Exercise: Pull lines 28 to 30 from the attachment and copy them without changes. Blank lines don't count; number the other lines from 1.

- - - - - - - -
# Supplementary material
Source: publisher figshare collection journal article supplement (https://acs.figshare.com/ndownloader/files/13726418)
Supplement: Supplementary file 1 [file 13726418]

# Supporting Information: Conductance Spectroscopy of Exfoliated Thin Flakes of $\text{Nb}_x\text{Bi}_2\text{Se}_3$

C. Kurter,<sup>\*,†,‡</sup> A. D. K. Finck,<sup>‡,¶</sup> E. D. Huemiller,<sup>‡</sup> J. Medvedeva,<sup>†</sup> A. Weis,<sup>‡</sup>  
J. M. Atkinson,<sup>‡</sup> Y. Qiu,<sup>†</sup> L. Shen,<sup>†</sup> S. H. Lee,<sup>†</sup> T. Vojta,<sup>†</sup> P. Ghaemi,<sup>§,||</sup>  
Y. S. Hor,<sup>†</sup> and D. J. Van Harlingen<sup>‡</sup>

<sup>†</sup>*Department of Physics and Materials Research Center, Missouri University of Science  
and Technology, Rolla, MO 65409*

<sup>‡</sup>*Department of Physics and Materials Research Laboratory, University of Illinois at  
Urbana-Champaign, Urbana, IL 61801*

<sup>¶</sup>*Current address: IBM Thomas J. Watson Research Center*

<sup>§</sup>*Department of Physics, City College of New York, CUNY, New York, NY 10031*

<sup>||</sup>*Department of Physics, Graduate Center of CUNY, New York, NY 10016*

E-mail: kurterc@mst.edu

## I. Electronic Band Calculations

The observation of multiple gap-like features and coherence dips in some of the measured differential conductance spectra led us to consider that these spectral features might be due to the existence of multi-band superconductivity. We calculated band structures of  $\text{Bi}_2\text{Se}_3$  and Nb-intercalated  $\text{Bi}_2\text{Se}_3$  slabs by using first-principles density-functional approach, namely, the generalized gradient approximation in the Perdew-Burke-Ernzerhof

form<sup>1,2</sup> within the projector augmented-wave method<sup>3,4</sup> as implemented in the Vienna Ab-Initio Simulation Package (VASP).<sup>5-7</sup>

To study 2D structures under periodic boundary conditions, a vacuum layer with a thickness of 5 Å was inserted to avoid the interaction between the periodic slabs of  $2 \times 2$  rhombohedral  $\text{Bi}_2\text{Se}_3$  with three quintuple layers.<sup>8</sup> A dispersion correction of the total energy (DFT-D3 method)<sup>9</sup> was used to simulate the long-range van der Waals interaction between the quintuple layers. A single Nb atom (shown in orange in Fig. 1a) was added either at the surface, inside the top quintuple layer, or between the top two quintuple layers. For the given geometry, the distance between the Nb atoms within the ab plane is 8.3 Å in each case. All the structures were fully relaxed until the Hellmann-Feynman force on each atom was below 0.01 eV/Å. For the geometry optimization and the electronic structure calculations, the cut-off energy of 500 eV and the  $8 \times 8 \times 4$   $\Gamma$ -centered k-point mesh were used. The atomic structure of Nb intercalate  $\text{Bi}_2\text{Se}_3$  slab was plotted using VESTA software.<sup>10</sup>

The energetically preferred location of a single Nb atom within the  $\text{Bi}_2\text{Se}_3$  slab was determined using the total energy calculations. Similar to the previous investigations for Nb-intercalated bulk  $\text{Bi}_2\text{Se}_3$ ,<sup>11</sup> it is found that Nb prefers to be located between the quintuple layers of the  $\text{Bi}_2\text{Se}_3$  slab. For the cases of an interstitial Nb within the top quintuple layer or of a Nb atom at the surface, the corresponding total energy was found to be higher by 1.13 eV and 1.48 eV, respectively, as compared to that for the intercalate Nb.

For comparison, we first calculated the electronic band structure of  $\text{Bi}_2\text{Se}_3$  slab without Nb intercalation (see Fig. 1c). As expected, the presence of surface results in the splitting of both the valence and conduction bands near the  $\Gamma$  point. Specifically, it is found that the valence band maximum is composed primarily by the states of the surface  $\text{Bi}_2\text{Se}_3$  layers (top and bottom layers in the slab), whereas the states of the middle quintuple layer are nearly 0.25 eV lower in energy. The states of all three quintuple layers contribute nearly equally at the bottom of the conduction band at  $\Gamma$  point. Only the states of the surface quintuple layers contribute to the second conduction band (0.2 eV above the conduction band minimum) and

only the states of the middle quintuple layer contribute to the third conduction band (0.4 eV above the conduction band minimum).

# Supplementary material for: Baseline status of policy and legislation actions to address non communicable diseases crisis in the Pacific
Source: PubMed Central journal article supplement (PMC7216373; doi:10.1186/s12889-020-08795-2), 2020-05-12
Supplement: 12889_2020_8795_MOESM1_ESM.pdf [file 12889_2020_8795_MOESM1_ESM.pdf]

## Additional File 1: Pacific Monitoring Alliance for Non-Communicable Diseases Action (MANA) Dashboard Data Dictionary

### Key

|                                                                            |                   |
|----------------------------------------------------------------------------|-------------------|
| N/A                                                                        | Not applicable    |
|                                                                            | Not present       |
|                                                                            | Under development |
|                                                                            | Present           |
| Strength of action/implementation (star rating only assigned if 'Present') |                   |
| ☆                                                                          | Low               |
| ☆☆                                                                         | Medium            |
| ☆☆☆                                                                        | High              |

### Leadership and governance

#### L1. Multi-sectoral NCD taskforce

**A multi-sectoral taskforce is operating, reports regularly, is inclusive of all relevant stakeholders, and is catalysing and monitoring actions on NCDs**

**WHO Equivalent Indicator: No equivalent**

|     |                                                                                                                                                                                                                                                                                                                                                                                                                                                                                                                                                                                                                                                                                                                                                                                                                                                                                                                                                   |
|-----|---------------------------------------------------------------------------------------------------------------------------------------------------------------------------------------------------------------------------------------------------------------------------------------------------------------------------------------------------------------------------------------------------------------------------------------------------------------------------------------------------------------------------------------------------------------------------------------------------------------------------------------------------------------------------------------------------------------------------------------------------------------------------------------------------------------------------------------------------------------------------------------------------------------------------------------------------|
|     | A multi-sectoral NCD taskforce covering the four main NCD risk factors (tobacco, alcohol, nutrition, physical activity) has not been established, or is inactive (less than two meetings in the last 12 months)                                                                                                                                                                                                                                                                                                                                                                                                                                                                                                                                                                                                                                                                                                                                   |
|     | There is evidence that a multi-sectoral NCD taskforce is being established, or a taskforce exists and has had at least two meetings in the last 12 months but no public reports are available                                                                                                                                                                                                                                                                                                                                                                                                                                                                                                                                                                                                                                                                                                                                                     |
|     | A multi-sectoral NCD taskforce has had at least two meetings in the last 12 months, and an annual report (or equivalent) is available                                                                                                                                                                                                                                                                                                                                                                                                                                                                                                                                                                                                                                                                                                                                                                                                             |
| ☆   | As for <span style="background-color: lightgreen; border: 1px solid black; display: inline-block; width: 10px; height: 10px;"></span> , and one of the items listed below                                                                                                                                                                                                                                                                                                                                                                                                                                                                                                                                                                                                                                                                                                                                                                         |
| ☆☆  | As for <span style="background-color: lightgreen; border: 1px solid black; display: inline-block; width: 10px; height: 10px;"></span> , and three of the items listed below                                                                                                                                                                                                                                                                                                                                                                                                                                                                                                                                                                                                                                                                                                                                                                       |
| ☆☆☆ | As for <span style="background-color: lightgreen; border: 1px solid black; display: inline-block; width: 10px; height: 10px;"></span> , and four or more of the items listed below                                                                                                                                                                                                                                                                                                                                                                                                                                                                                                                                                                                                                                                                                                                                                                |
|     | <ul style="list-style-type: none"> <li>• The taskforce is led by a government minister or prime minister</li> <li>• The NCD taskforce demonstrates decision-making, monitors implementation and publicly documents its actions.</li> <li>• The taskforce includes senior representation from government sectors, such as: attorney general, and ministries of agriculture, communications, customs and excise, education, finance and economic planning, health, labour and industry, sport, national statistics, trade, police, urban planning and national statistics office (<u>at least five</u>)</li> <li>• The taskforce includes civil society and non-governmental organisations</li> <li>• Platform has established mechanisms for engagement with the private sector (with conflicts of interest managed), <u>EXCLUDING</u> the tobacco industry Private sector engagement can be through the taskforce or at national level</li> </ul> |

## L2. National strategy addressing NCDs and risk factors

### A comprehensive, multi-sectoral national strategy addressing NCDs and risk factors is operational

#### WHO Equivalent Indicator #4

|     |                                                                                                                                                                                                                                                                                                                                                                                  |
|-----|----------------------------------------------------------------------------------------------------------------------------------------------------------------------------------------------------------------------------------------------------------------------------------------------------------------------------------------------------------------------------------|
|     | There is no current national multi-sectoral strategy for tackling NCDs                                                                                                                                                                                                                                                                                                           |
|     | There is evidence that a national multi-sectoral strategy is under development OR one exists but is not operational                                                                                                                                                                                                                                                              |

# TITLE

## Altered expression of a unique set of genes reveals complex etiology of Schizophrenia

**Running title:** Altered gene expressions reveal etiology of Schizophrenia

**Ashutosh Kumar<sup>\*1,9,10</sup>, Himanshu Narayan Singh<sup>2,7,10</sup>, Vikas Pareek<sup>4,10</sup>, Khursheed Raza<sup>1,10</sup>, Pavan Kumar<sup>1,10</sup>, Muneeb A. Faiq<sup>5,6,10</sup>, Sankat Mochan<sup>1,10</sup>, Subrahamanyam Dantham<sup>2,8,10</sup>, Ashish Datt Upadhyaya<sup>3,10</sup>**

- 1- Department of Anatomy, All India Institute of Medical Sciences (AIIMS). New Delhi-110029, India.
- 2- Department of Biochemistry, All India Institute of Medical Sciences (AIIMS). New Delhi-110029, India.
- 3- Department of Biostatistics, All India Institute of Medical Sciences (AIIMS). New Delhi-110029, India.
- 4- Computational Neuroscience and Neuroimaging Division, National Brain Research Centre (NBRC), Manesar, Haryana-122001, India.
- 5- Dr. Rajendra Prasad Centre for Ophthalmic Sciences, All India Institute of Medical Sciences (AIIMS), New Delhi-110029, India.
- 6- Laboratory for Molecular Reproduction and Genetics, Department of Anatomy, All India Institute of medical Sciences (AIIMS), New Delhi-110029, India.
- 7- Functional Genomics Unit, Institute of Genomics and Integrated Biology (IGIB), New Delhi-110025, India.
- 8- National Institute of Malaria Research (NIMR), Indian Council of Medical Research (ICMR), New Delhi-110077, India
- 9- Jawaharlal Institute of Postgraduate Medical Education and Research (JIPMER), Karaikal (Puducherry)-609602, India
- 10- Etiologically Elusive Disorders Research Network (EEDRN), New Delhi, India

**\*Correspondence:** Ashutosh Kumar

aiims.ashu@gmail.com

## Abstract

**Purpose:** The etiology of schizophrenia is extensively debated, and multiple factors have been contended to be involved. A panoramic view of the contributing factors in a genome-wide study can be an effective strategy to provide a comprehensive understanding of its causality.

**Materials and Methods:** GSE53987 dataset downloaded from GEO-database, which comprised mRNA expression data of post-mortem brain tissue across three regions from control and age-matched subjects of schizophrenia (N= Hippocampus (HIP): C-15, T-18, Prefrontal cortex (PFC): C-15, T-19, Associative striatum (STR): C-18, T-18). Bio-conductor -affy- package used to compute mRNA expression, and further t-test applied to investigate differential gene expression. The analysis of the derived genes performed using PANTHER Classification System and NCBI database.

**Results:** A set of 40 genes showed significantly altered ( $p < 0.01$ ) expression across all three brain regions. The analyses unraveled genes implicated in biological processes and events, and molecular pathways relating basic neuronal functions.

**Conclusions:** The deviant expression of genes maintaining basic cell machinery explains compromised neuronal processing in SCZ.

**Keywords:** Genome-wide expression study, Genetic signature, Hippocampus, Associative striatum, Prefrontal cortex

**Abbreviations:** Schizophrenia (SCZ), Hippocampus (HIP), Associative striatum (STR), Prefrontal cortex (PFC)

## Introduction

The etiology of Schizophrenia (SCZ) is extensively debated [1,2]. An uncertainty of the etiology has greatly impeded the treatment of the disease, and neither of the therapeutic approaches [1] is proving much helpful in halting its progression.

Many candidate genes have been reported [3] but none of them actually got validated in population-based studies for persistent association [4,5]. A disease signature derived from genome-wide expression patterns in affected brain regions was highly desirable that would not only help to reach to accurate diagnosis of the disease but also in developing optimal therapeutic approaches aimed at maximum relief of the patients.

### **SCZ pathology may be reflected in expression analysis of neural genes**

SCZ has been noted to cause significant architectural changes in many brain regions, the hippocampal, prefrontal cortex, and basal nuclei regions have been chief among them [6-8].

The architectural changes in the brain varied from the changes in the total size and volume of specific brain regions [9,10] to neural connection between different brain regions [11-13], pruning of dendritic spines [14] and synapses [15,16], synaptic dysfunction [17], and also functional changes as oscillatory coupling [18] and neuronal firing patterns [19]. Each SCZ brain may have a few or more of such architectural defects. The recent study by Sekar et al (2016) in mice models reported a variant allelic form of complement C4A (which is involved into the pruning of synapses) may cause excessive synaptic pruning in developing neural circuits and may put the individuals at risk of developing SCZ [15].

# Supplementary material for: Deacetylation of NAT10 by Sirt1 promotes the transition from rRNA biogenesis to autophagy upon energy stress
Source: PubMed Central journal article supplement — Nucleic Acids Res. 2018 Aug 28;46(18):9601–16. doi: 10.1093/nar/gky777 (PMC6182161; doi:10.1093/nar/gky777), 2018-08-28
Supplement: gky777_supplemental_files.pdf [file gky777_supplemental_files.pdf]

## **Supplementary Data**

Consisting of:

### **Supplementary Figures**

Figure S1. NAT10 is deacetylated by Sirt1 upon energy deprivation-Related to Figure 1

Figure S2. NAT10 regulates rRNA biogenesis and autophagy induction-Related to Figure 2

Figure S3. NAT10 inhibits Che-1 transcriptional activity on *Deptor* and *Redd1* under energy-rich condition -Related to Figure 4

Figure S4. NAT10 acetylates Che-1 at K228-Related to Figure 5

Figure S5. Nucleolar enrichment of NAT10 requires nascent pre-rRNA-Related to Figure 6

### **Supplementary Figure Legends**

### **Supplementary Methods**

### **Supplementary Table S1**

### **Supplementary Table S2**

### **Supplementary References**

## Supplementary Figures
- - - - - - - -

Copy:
|                                                                            |                   |
|----------------------------------------------------------------------------|-------------------|
| N/A                                                                        | Not applicable    |